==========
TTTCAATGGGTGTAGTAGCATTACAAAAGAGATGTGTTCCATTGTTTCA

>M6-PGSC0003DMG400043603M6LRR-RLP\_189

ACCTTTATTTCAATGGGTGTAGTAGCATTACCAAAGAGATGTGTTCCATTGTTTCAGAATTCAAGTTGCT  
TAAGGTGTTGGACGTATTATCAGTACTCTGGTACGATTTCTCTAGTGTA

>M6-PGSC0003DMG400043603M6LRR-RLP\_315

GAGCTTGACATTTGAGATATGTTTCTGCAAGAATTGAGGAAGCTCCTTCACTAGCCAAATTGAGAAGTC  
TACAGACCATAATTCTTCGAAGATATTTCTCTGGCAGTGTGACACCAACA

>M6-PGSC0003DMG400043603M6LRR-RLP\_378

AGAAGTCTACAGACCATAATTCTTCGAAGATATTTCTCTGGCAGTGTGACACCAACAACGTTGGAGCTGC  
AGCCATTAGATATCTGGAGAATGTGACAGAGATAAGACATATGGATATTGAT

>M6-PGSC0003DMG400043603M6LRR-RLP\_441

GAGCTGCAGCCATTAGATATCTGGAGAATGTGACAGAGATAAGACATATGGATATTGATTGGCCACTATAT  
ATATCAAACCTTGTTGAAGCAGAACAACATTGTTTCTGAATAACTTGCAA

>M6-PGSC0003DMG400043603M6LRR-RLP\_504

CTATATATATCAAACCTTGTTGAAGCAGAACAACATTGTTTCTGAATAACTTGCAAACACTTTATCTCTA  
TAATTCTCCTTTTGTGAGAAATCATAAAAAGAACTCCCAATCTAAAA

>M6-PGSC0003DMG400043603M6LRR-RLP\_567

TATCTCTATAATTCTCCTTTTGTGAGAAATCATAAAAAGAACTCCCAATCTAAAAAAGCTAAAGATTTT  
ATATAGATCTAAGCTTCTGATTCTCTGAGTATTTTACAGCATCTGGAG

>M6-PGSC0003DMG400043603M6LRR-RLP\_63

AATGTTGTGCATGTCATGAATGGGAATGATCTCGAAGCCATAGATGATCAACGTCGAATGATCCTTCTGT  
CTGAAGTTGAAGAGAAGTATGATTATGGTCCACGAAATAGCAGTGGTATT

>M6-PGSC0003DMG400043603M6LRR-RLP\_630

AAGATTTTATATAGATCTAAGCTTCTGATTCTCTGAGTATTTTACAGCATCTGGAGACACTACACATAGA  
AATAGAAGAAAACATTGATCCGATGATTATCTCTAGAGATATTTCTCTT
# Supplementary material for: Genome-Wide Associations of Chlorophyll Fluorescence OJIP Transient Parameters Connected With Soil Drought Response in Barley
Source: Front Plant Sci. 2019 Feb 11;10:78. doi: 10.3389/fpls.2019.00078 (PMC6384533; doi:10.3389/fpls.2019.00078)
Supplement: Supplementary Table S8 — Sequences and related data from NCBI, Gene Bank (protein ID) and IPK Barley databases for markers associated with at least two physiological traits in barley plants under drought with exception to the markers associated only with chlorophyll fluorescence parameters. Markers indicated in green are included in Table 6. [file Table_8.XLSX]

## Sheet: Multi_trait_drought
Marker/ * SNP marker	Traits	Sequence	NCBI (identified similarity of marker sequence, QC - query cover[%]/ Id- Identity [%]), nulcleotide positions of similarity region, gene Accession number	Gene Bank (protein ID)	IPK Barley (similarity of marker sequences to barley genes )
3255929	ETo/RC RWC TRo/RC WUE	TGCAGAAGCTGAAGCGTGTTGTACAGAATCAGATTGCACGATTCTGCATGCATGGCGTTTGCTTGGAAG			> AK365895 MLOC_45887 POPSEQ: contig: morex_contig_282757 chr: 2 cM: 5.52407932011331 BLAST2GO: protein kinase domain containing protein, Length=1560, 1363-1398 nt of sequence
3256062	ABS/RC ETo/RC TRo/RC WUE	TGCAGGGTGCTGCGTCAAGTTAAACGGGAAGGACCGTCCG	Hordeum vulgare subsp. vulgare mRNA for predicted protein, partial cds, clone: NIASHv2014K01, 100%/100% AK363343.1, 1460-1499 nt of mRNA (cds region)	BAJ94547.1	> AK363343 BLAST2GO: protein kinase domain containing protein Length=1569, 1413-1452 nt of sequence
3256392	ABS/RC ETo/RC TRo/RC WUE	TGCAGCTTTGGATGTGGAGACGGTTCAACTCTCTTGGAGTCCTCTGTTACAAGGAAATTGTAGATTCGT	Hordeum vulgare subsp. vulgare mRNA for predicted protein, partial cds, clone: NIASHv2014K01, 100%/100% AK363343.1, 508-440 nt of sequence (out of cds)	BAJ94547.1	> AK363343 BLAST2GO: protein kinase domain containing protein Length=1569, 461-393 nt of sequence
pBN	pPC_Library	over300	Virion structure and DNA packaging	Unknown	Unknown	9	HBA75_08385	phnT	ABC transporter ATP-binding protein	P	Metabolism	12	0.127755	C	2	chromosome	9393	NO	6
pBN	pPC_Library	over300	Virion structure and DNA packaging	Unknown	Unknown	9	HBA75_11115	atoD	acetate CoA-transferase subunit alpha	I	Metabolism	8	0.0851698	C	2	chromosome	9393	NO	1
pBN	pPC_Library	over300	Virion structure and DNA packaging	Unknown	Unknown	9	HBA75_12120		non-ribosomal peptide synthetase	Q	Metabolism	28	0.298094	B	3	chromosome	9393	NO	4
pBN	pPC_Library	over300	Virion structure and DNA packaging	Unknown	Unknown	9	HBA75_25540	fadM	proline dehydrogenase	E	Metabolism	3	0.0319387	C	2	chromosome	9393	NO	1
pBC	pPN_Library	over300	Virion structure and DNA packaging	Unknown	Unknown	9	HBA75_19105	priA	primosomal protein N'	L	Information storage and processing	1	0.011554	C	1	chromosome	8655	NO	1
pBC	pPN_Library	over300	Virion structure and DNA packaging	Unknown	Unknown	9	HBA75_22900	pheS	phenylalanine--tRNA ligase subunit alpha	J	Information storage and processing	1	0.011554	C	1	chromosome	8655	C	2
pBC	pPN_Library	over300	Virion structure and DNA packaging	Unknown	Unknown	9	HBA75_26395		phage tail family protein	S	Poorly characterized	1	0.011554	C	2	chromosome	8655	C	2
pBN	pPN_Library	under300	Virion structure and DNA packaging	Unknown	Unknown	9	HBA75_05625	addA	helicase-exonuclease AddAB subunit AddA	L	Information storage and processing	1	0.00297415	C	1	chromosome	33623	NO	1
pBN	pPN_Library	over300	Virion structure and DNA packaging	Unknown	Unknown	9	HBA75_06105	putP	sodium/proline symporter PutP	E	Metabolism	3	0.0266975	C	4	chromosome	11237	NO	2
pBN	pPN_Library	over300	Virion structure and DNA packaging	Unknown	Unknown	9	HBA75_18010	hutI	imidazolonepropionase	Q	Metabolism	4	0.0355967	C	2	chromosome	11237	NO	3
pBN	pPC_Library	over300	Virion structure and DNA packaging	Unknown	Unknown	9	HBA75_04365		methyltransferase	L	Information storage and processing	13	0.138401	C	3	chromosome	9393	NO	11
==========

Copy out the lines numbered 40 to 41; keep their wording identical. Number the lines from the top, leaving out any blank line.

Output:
pBC	pPN_Library	over300	Virion structure and DNA packaging	Unknown	Unknown	9	HBA75_26395		phage tail family protein	S	Poorly characterized	1	0.011554	C	2	chromosome	8655	C	2
pBN	pPN_Library	under300	Virion structure and DNA packaging	Unknown	Unknown	9	HBA75_05625	addA	helicase-exonuclease AddAB subunit AddA	L	Information storage and processing	1	0.00297415	C	1	chromosome	33623	NO	1